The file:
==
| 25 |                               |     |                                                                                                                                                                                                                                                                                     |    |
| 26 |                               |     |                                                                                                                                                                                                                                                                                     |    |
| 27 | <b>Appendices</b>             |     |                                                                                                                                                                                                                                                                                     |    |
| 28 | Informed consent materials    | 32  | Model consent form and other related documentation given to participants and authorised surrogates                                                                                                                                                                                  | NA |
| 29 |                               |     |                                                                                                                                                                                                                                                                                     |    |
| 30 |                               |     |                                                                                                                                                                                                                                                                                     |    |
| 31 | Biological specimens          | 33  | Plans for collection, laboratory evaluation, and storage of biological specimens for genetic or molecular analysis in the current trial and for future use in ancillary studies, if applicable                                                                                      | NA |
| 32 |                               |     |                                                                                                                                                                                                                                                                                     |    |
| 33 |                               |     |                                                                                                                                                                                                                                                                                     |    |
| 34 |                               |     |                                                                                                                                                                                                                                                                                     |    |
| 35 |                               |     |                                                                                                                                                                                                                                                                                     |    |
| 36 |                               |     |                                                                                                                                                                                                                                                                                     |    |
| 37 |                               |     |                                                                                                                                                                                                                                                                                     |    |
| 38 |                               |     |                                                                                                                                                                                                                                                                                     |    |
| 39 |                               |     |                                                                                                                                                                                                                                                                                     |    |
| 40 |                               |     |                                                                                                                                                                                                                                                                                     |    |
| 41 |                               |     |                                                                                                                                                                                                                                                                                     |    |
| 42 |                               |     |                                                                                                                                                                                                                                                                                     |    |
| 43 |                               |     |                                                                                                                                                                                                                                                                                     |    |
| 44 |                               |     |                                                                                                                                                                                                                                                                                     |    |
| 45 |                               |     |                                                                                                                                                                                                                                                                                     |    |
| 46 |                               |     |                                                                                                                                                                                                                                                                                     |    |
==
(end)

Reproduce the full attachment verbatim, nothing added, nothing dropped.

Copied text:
| 25 |                               |     |                                                                                                                                                                                                                                                                                     |    |
| 26 |                               |     |                                                                                                                                                                                                                                                                                     |    |
| 27 | <b>Appendices</b>             |     |                                                                                                                                                                                                                                                                                     |    |
| 28 | Informed consent materials    | 32  | Model consent form and other related documentation given to participants and authorised surrogates                                                                                                                                                                                  | NA |
| 29 |                               |     |                                                                                                                                                                                                                                                                                     |    |
| 30 |                               |     |                                                                                                                                                                                                                                                                                     |    |
| 31 | Biological specimens          | 33  | Plans for collection, laboratory evaluation, and storage of biological specimens for genetic or molecular analysis in the current trial and for future use in ancillary studies, if applicable                                                                                      | NA |
| 32 |                               |     |                                                                                                                                                                                                                                                                                     |    |
| 33 |                               |     |                                                                                                                                                                                                                                                                                     |    |
| 34 |                               |     |                                                                                                                                                                                                                                                                                     |    |
| 35 |                               |     |                                                                                                                                                                                                                                                                                     |    |
| 36 |                               |     |                                                                                                                                                                                                                                                                                     |    |
| 37 |                               |     |                                                                                                                                                                                                                                                                                     |    |
| 38 |                               |     |                                                                                                                                                                                                                                                                                     |    |
| 39 |                               |     |                                                                                                                                                                                                                                                                                     |    |
| 40 |                               |     |                                                                                                                                                                                                                                                                                     |    |
| 41 |                               |     |                                                                                                                                                                                                                                                                                     |    |
| 42 |                               |     |                                                                                                                                                                                                                                                                                     |    |
| 43 |                               |     |                                                                                                                                                                                                                                                                                     |    |
| 44 |                               |     |                                                                                                                                                                                                                                                                                     |    |
| 45 |                               |     |                                                                                                                                                                                                                                                                                     |    |
| 46 |                               |     |                                                                                                                                                                                                                                                                                     |    |